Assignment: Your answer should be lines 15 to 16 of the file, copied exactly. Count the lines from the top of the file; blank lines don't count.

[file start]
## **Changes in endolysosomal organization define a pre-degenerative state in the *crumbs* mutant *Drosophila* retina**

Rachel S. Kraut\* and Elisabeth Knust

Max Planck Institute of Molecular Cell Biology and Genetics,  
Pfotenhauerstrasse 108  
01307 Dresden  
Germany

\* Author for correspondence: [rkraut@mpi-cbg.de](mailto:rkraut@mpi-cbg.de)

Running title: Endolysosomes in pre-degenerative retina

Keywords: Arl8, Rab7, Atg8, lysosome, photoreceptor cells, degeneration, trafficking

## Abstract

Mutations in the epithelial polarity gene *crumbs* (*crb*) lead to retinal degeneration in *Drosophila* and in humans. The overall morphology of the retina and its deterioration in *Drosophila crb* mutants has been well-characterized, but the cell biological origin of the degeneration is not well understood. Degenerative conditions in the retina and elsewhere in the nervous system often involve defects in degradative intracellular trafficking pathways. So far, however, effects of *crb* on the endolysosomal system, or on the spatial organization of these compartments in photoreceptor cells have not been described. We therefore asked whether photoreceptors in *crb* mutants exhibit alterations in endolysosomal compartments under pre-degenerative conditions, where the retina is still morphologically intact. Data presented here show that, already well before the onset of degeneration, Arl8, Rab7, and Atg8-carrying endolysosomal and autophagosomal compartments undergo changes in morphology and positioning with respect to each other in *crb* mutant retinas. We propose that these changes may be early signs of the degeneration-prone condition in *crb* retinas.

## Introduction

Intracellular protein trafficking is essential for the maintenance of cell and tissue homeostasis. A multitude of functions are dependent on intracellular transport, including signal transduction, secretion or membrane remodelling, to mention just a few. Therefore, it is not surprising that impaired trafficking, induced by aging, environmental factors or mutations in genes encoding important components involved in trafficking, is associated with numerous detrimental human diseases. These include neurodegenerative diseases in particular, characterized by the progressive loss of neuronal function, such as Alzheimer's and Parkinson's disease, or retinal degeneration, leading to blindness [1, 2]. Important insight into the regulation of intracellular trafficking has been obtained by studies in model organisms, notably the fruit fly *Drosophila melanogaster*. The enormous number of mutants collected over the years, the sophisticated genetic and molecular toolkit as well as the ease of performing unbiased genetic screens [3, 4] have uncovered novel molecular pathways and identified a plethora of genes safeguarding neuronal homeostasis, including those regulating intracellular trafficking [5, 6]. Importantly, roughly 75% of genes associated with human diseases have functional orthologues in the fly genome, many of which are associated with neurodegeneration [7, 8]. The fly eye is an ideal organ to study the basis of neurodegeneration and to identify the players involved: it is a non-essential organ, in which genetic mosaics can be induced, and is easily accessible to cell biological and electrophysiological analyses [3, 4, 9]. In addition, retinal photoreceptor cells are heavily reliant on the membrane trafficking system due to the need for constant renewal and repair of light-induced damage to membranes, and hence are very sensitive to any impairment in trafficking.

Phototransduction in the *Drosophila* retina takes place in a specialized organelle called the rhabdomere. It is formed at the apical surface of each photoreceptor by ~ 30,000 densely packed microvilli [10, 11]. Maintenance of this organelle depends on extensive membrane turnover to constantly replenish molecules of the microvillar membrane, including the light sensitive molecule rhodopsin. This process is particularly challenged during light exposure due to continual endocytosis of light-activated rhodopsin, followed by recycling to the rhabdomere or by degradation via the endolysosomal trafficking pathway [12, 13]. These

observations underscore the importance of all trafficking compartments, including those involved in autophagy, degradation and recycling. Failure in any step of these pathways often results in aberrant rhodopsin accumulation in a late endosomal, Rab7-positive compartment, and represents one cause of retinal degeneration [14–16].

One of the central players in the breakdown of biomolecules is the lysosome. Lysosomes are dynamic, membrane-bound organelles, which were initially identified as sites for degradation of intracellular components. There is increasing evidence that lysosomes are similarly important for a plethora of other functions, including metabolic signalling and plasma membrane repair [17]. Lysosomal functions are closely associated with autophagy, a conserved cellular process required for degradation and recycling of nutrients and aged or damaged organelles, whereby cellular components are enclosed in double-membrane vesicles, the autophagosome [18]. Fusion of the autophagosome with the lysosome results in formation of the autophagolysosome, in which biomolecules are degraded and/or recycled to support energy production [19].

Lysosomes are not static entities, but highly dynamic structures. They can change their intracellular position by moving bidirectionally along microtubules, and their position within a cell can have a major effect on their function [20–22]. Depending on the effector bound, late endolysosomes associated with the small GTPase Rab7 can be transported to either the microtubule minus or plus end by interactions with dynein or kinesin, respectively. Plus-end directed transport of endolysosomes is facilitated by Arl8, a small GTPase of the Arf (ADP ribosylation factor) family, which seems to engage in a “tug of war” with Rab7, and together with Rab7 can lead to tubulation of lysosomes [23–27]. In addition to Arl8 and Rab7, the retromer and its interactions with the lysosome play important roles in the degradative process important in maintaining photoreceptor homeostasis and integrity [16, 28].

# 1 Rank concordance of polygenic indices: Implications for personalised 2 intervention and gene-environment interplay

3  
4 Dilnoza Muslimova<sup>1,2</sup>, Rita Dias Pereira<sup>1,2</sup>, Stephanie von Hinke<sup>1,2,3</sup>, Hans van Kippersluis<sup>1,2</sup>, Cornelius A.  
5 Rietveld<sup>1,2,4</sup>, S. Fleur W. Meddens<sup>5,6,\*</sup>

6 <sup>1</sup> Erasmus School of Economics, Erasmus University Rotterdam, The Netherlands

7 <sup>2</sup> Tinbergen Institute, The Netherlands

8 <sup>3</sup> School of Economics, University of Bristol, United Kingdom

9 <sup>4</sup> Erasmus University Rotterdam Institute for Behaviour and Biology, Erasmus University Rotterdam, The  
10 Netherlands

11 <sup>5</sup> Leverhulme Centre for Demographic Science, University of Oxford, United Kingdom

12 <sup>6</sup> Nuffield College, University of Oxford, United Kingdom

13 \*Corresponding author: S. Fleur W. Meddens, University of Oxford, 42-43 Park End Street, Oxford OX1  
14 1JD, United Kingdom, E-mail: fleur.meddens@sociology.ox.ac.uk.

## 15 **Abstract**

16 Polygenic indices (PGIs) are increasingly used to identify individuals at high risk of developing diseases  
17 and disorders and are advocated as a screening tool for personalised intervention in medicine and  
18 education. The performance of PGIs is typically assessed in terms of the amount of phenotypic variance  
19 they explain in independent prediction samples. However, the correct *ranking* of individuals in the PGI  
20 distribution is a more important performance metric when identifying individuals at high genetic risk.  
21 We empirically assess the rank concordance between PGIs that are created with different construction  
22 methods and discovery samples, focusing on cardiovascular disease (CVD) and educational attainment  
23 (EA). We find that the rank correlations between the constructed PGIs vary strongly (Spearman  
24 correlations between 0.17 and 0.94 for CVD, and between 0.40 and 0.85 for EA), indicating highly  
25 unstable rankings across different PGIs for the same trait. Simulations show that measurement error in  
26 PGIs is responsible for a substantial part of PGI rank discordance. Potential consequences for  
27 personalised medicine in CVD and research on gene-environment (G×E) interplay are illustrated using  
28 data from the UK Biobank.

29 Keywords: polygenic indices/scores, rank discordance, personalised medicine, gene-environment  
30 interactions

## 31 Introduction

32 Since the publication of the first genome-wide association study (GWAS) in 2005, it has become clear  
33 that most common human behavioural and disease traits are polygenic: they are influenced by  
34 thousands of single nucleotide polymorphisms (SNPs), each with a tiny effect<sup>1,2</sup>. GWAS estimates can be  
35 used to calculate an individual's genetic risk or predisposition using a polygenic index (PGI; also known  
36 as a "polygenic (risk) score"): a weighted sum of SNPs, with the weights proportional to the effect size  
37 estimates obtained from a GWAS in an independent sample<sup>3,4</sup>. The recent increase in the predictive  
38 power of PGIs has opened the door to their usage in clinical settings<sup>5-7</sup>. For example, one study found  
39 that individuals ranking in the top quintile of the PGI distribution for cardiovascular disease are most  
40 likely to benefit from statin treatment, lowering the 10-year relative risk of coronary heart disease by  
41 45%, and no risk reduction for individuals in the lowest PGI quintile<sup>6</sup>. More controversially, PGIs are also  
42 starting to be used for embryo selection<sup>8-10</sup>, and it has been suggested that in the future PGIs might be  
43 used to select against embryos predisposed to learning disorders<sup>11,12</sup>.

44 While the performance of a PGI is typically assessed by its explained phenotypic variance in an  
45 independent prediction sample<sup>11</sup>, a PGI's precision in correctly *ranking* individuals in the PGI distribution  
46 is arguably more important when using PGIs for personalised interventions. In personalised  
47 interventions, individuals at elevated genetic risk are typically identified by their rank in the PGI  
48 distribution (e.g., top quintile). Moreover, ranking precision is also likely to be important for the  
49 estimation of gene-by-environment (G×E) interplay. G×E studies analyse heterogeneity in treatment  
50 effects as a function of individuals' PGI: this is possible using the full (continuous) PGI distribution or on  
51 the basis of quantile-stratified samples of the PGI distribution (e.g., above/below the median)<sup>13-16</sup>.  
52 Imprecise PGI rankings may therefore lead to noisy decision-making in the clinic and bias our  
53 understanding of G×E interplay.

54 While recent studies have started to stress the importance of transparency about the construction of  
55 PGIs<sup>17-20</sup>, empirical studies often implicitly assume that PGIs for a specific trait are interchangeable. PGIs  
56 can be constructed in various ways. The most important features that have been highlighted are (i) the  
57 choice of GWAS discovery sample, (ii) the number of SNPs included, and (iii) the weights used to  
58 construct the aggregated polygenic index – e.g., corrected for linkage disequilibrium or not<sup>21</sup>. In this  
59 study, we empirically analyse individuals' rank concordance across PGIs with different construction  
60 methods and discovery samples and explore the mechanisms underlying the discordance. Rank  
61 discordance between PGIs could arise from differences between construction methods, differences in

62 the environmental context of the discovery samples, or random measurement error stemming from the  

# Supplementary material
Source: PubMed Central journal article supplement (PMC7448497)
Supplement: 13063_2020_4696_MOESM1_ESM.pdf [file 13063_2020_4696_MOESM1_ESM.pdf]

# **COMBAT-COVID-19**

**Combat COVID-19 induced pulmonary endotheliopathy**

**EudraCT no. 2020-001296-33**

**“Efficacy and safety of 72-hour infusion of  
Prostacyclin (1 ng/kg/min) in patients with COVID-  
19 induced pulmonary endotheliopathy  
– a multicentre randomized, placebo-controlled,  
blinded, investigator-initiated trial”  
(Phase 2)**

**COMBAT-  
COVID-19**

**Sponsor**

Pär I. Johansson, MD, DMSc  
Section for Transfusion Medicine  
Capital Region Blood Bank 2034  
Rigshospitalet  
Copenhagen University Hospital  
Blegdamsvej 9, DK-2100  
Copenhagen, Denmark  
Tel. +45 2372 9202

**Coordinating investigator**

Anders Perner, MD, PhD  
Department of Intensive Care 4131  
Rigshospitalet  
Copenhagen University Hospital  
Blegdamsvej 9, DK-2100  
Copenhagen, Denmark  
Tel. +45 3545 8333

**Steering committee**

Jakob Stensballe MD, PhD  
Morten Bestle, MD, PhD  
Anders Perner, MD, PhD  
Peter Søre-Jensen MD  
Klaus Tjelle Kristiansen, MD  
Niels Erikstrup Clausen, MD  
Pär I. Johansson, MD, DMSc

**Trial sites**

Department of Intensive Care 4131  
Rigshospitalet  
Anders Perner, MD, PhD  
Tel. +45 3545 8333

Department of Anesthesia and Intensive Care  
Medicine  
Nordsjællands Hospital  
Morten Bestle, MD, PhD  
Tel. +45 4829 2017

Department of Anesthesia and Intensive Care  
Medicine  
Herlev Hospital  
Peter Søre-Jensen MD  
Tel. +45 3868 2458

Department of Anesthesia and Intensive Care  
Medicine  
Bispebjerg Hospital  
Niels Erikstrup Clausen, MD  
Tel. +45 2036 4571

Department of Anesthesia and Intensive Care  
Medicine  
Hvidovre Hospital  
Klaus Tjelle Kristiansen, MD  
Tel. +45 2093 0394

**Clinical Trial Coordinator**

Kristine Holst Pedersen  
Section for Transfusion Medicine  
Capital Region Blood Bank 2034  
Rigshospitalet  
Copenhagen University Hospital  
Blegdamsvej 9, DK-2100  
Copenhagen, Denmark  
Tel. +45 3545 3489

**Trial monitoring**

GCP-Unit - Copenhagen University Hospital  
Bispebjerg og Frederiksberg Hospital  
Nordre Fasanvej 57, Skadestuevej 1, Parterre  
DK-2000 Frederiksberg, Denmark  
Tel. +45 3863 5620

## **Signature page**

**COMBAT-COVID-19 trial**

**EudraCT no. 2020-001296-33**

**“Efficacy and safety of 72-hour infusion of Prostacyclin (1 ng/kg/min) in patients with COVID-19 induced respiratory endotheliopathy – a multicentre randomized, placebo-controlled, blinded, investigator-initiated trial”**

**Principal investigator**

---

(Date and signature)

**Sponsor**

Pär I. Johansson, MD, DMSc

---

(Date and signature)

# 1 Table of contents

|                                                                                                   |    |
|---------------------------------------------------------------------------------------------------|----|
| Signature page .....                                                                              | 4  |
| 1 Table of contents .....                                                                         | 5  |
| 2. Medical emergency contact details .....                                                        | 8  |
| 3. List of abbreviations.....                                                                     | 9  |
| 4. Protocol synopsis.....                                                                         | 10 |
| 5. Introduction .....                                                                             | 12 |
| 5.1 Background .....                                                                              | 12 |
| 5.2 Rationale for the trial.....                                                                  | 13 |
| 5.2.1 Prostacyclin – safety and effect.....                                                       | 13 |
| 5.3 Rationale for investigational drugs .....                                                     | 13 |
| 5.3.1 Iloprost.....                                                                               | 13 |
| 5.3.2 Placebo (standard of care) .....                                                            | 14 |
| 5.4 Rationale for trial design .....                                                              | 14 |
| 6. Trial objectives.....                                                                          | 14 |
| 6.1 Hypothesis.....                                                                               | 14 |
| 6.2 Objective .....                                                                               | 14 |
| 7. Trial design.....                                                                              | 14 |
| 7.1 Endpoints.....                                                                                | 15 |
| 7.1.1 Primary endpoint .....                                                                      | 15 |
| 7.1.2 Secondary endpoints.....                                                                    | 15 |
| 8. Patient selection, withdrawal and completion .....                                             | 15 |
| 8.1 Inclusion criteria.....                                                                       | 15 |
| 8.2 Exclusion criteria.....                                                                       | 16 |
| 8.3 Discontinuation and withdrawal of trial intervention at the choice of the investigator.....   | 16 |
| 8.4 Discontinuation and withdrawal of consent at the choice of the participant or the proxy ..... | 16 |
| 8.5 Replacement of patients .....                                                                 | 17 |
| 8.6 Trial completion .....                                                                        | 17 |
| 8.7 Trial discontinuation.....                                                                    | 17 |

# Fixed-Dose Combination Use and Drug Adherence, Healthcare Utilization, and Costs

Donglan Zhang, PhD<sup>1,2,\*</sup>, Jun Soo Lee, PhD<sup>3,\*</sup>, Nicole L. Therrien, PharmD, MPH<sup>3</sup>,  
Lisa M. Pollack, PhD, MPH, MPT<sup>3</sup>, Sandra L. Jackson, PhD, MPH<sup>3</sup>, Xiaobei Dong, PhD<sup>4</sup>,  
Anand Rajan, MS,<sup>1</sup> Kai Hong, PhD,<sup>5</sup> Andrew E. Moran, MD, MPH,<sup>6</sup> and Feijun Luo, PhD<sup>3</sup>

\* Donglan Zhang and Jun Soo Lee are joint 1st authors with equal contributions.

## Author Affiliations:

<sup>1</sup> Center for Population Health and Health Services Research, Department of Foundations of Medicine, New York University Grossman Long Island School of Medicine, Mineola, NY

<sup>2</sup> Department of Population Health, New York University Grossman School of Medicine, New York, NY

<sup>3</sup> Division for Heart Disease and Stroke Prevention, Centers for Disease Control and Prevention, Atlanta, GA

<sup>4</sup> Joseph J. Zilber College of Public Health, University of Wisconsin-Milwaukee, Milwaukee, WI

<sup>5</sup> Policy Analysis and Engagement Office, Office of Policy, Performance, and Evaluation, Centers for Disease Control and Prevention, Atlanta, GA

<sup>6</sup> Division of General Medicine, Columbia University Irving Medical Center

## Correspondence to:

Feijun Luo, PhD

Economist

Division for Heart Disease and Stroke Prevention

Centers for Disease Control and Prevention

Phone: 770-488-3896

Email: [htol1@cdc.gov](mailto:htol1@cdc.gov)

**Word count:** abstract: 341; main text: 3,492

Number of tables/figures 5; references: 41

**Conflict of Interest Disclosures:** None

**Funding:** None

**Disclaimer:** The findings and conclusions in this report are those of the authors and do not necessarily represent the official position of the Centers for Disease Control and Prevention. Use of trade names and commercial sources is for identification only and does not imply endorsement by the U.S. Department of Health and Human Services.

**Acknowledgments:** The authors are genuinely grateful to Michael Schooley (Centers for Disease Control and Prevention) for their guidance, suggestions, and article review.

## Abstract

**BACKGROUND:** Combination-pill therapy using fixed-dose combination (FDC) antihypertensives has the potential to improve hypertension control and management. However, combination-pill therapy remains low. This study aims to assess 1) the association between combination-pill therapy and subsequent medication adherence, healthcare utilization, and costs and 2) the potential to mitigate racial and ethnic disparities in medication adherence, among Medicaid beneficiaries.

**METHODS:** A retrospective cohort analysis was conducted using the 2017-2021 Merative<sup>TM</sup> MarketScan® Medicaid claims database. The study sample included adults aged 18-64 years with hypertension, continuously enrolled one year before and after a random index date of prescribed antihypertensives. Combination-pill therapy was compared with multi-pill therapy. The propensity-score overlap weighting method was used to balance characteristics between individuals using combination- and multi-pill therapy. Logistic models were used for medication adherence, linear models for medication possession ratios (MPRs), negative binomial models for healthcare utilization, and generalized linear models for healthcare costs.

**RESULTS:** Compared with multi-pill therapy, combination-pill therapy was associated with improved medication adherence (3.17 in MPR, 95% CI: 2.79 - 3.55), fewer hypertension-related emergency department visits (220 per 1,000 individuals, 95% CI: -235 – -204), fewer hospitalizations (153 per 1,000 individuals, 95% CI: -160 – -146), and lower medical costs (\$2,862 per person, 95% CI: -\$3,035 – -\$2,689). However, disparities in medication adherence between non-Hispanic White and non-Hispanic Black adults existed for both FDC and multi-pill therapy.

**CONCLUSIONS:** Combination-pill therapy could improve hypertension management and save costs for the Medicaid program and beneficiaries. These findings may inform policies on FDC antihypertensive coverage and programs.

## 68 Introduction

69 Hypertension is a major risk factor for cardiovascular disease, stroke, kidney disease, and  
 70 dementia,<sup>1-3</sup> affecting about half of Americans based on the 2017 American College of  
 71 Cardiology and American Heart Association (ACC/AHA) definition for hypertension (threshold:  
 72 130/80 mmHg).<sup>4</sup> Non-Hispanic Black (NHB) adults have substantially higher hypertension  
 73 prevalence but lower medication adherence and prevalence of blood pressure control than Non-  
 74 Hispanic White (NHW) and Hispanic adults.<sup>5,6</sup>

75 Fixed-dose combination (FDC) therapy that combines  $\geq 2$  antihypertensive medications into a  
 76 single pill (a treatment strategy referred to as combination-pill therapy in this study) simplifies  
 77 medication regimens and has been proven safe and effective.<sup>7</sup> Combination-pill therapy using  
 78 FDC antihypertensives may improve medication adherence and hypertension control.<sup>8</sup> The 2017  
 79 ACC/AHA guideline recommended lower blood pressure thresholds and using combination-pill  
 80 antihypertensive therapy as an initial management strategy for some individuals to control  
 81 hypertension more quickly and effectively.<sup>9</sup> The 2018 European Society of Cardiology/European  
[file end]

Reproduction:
observations underscore the importance of all trafficking compartments, including those involved in autophagy, degradation and recycling. Failure in any step of these pathways often results in aberrant rhodopsin accumulation in a late endosomal, Rab7-positive compartment, and represents one cause of retinal degeneration [14–16].

One of the central players in the breakdown of biomolecules is the lysosome. Lysosomes are dynamic, membrane-bound organelles, which were initially identified as sites for degradation of intracellular components. There is increasing evidence that lysosomes are similarly important for a plethora of other functions, including metabolic signalling and plasma membrane repair [17]. Lysosomal functions are closely associated with autophagy, a conserved cellular process required for degradation and recycling of nutrients and aged or damaged organelles, whereby cellular components are enclosed in double-membrane vesicles, the autophagosome [18]. Fusion of the autophagosome with the lysosome results in formation of the autophagolysosome, in which biomolecules are degraded and/or recycled to support energy production [19].